A new state law that legalizes the sale of cannabis-derived oil is leading to a flurry of new local retail shops that specialize in such products.
In March, Gov. Eric Holcomb signed a bill allowing for the sale of cannabidiol, also known as CBD, which is a substance derived from marijuana and hemp. CBD has little or none of the compound that produces a high in marijuana users, and proponents say the oil is therapeutic for a range of health problems. The law went into effect July 1.
Seeing a business opportunity, local CBD retail shops are springing up around the city.
The most recent arrivals include:
— Owlslee CBD, which opened last week in the Villaggio building, a mixed-use property at 435 Virginia Ave. in Fletcher Place. The shop sells a range of oils, edibles, vape liquids, pet products, capsules, creams and lotions, all infused with CBD oil.
Owlslee’s co-owners are friends Crystal Brown and John McNeal. McNeal is a partner in the south-side restaurant Vito Provolone’s, and Brown’s background includes both retail and mortgage and commercial lending.
While business has been “a little slow” so far, Brown said, business is starting to pick up and the shop has attracted a range of customers. “We’ve had quite a few elderly people—for pain, arthritis, inflammation, stuff like that—and quite a few younger people with anxiety issues.”
— CBD American Shaman Indy, which opened Sept. 25 at 912 E. Westfield Blvd. in Broad Ripple. The shop, which occupies about 1,200 square feet, is in a space that formerly housed the beauty and skin care retailer Eva Maison. This is a franchised location, and local franchisee Lauri Spina said it’s the first CBD American Shaman site in the state.
Spina, whose previous experience includes jobs at a toy store and as a gift/home décor sales rep, said she learned about American Shaman through her son, a hemp grower in Colorado. The shop sells a variety of CBD products, including water-soluble tinctures, capsules, vaping liquids, cookies and gummy candies. So far, Spina said, most of her customers have been people in their 30s and 40s seeking relief from anxiety.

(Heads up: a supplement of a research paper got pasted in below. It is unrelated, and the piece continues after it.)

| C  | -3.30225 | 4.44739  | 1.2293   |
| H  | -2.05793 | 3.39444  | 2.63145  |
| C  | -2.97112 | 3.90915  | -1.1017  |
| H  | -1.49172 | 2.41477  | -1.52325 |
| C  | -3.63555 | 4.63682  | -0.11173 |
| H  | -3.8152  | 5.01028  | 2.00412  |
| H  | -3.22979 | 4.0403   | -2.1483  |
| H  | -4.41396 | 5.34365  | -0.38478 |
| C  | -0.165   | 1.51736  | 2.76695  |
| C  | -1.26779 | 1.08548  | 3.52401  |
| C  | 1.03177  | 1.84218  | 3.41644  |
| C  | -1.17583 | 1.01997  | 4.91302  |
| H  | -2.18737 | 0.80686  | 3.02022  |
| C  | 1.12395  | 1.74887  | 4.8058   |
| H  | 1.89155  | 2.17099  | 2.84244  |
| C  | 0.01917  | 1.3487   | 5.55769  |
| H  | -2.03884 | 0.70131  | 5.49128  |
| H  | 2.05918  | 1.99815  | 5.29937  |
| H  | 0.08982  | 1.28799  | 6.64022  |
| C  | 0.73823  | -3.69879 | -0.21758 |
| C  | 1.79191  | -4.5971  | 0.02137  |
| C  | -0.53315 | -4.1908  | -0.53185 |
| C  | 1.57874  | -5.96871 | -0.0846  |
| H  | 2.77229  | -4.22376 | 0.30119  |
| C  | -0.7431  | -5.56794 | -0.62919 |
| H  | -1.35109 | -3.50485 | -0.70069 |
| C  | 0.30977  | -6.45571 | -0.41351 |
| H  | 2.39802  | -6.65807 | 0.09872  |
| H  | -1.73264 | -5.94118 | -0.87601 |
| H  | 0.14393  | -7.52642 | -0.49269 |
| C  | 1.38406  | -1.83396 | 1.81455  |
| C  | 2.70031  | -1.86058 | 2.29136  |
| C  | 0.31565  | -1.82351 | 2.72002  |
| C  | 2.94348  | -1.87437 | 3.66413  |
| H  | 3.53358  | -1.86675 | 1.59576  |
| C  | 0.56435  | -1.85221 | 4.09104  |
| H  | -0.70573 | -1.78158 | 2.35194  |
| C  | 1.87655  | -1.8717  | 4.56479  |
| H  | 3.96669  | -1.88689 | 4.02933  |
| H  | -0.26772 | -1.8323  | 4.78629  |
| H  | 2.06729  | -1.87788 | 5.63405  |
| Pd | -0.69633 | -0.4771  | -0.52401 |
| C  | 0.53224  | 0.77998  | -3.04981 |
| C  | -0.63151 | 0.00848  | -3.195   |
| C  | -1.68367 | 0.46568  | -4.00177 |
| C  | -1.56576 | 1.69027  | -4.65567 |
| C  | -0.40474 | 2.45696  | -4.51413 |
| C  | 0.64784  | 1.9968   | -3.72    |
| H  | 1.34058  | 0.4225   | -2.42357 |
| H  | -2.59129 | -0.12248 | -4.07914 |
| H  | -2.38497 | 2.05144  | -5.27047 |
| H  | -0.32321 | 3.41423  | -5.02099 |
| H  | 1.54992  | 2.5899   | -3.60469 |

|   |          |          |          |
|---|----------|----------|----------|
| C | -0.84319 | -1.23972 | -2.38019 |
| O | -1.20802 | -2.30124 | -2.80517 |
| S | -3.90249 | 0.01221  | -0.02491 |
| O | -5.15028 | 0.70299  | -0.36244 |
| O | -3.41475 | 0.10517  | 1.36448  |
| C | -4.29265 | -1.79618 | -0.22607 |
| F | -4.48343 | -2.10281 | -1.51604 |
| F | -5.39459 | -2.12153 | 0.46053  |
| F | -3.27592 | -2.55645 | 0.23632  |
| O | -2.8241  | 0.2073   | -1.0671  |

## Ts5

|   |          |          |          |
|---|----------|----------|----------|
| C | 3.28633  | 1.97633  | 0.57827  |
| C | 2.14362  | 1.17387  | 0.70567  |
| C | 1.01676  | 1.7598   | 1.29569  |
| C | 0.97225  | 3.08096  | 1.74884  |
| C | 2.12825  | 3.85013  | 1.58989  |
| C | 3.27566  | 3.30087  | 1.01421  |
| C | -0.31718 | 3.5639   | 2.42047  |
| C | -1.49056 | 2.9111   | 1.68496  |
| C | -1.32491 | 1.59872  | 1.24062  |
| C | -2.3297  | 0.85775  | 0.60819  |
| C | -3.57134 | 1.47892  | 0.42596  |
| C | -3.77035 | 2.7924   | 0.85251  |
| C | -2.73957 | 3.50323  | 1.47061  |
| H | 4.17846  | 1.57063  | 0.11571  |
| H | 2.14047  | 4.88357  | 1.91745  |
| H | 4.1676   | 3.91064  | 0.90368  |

“We’re really happy” with traffic so far, Spina said. “We feel it can only get better.”
— Green Cross CBD, which opened Sept. 15 in a former pizza place at 7919 Southeastern Ave., just outside Wanamaker on the southeast side of Indianapolis. The shop, which occupies about 2,500 square feet, is owned by long-time friends Bobbie Young and James Garrison. The store sells CBD oils, inhalers, honey sticks, bath and beauty products and gummy candies.
Young also owns a CBD store in Frankfort, Live Well Hemp; and she’s the founder of both The Higher Fellowship and IndyCann, Indianapolis-based not-for-profit organizations that advocate for cannabis legalization. Garrison is an ammonia refrigeration specialist at a local dairy.
— Higher Life CBD Dispensary, which expects to open soon at 901 N. Pennsylvania St. The shop will take a space formerly occupied by several restaurants, most recently the American/Dominican restaurant Oso’s Republic and, previously, Panorama Grill and Urban Element. Higher Life says on its Facebook page that it expects to open in the next two weeks.
Despite the current flurry of CBD retail shop openings, retail broker Bill French of Cushman and Wakefield said his office hasn’t seen a lot of activity in this area so far. French doesn’t anticipate a huge wave of new CBD-only shops, in part because it’s such a narrowly-focused niche. “You’re going to have to sell a whole lot of CBD to be successful. If you only have that product, unilaterally, that’s pretty difficult.”
Instead, French predicts that existing retailers such as health food stores will tap into the market by adding CBD products to their existing inventory. “It could be an easy way to step into a different business.”